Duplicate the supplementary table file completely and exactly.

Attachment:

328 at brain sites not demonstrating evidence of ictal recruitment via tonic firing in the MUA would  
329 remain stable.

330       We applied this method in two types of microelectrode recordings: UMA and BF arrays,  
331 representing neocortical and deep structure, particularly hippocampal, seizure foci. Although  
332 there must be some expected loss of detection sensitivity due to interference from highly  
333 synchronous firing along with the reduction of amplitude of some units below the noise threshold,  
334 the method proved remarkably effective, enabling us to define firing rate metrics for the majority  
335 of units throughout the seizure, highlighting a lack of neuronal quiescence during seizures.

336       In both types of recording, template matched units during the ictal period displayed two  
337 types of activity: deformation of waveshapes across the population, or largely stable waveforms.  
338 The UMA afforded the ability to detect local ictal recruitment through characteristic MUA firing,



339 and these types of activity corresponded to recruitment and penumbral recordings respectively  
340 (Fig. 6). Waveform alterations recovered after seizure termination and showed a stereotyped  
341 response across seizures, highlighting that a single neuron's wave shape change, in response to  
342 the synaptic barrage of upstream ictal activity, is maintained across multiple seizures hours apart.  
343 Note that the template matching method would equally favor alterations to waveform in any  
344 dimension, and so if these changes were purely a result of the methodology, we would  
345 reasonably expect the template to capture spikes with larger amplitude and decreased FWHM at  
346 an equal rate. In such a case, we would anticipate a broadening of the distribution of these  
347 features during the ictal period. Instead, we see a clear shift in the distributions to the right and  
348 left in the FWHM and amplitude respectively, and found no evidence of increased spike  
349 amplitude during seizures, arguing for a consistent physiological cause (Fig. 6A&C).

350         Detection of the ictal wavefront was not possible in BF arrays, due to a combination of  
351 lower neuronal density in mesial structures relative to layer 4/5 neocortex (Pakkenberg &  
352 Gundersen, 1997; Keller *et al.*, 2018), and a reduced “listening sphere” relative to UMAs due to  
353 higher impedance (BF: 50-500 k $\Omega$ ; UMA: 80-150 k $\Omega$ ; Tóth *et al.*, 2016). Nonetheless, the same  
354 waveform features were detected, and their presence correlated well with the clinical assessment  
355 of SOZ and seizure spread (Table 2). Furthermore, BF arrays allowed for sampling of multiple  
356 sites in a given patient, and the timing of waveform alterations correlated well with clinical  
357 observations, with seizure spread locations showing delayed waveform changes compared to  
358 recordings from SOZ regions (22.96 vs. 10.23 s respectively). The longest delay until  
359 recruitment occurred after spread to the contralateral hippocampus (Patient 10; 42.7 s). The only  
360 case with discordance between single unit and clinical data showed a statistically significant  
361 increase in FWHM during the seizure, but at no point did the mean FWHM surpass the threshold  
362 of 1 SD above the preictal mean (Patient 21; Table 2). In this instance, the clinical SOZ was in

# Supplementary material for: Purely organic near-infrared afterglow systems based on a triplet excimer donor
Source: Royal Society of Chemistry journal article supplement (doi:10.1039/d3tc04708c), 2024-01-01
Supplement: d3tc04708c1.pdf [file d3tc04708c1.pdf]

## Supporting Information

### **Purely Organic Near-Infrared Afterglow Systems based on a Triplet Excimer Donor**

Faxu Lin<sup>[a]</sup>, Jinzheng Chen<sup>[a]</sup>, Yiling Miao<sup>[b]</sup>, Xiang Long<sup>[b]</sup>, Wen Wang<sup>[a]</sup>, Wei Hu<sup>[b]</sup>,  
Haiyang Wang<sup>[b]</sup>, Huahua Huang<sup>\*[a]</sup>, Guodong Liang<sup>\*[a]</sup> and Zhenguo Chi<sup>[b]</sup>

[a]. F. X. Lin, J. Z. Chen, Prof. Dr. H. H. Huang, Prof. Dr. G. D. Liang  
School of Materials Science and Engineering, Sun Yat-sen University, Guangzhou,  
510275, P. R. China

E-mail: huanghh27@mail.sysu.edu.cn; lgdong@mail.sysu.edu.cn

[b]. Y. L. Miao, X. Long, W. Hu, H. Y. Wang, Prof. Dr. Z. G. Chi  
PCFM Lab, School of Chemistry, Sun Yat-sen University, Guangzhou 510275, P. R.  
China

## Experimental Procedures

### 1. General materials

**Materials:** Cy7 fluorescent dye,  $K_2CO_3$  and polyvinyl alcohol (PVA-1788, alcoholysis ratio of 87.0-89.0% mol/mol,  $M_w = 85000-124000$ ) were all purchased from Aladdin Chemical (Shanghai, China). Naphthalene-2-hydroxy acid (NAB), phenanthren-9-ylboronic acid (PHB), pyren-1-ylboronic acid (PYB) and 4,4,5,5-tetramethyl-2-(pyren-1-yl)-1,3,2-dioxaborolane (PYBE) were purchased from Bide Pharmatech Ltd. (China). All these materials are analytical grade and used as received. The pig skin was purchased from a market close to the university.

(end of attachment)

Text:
328 at brain sites not demonstrating evidence of ictal recruitment via tonic firing in the MUA would  
329 remain stable.

330       We applied this method in two types of microelectrode recordings: UMA and BF arrays,  
331 representing neocortical and deep structure, particularly hippocampal, seizure foci. Although  
332 there must be some expected loss of detection sensitivity due to interference from highly  
333 synchronous firing along with the reduction of amplitude of some units below the noise threshold,  
334 the method proved remarkably effective, enabling us to define firing rate metrics for the majority  
335 of units throughout the seizure, highlighting a lack of neuronal quiescence during seizures.

336       In both types of recording, template matched units during the ictal period displayed two  
337 types of activity: deformation of waveshapes across the population, or largely stable waveforms.  
338 The UMA afforded the ability to detect local ictal recruitment through characteristic MUA firing,



339 and these types of activity corresponded to recruitment and penumbral recordings respectively  
340 (Fig. 6). Waveform alterations recovered after seizure termination and showed a stereotyped  
341 response across seizures, highlighting that a single neuron's wave shape change, in response to  
342 the synaptic barrage of upstream ictal activity, is maintained across multiple seizures hours apart.  
343 Note that the template matching method would equally favor alterations to waveform in any  
344 dimension, and so if these changes were purely a result of the methodology, we would  
345 reasonably expect the template to capture spikes with larger amplitude and decreased FWHM at  
346 an equal rate. In such a case, we would anticipate a broadening of the distribution of these  
347 features during the ictal period. Instead, we see a clear shift in the distributions to the right and  
348 left in the FWHM and amplitude respectively, and found no evidence of increased spike  
349 amplitude during seizures, arguing for a consistent physiological cause (Fig. 6A&C).

350         Detection of the ictal wavefront was not possible in BF arrays, due to a combination of  
351 lower neuronal density in mesial structures relative to layer 4/5 neocortex (Pakkenberg &  
352 Gundersen, 1997; Keller *et al.*, 2018), and a reduced “listening sphere” relative to UMAs due to  
353 higher impedance (BF: 50-500 k $\Omega$ ; UMA: 80-150 k $\Omega$ ; Tóth *et al.*, 2016). Nonetheless, the same  
354 waveform features were detected, and their presence correlated well with the clinical assessment  
355 of SOZ and seizure spread (Table 2). Furthermore, BF arrays allowed for sampling of multiple  
356 sites in a given patient, and the timing of waveform alterations correlated well with clinical  
357 observations, with seizure spread locations showing delayed waveform changes compared to  
358 recordings from SOZ regions (22.96 vs. 10.23 s respectively). The longest delay until  
359 recruitment occurred after spread to the contralateral hippocampus (Patient 10; 42.7 s). The only  
360 case with discordance between single unit and clinical data showed a statistically significant  
361 increase in FWHM during the seizure, but at no point did the mean FWHM surpass the threshold  
362 of 1 SD above the preictal mean (Patient 21; Table 2). In this instance, the clinical SOZ was in

# Supplementary material for: Purely organic near-infrared afterglow systems based on a triplet excimer donor
Source: Royal Society of Chemistry journal article supplement (doi:10.1039/d3tc04708c), 2024-01-01
Supplement: d3tc04708c1.pdf [file d3tc04708c1.pdf]

## Supporting Information

### **Purely Organic Near-Infrared Afterglow Systems based on a Triplet Excimer Donor**

Faxu Lin<sup>[a]</sup>, Jinzheng Chen<sup>[a]</sup>, Yiling Miao<sup>[b]</sup>, Xiang Long<sup>[b]</sup>, Wen Wang<sup>[a]</sup>, Wei Hu<sup>[b]</sup>,  
Haiyang Wang<sup>[b]</sup>, Huahua Huang<sup>\*[a]</sup>, Guodong Liang<sup>\*[a]</sup> and Zhenguo Chi<sup>[b]</sup>

[a]. F. X. Lin, J. Z. Chen, Prof. Dr. H. H. Huang, Prof. Dr. G. D. Liang  
School of Materials Science and Engineering, Sun Yat-sen University, Guangzhou,  
510275, P. R. China

E-mail: huanghh27@mail.sysu.edu.cn; lgdong@mail.sysu.edu.cn

[b]. Y. L. Miao, X. Long, W. Hu, H. Y. Wang, Prof. Dr. Z. G. Chi  
PCFM Lab, School of Chemistry, Sun Yat-sen University, Guangzhou 510275, P. R.  
China

## Experimental Procedures

### 1. General materials

**Materials:** Cy7 fluorescent dye,  $K_2CO_3$  and polyvinyl alcohol (PVA-1788, alcoholysis ratio of 87.0-89.0% mol/mol,  $M_w = 85000-124000$ ) were all purchased from Aladdin Chemical (Shanghai, China). Naphthalene-2-hydroxy acid (NAB), phenanthren-9-ylboronic acid (PHB), pyren-1-ylboronic acid (PYB) and 4,4,5,5-tetramethyl-2-(pyren-1-yl)-1,3,2-dioxaborolane (PYBE) were purchased from Bide Pharmatech Ltd. (China). All these materials are analytical grade and used as received. The pig skin was purchased from a market close to the university.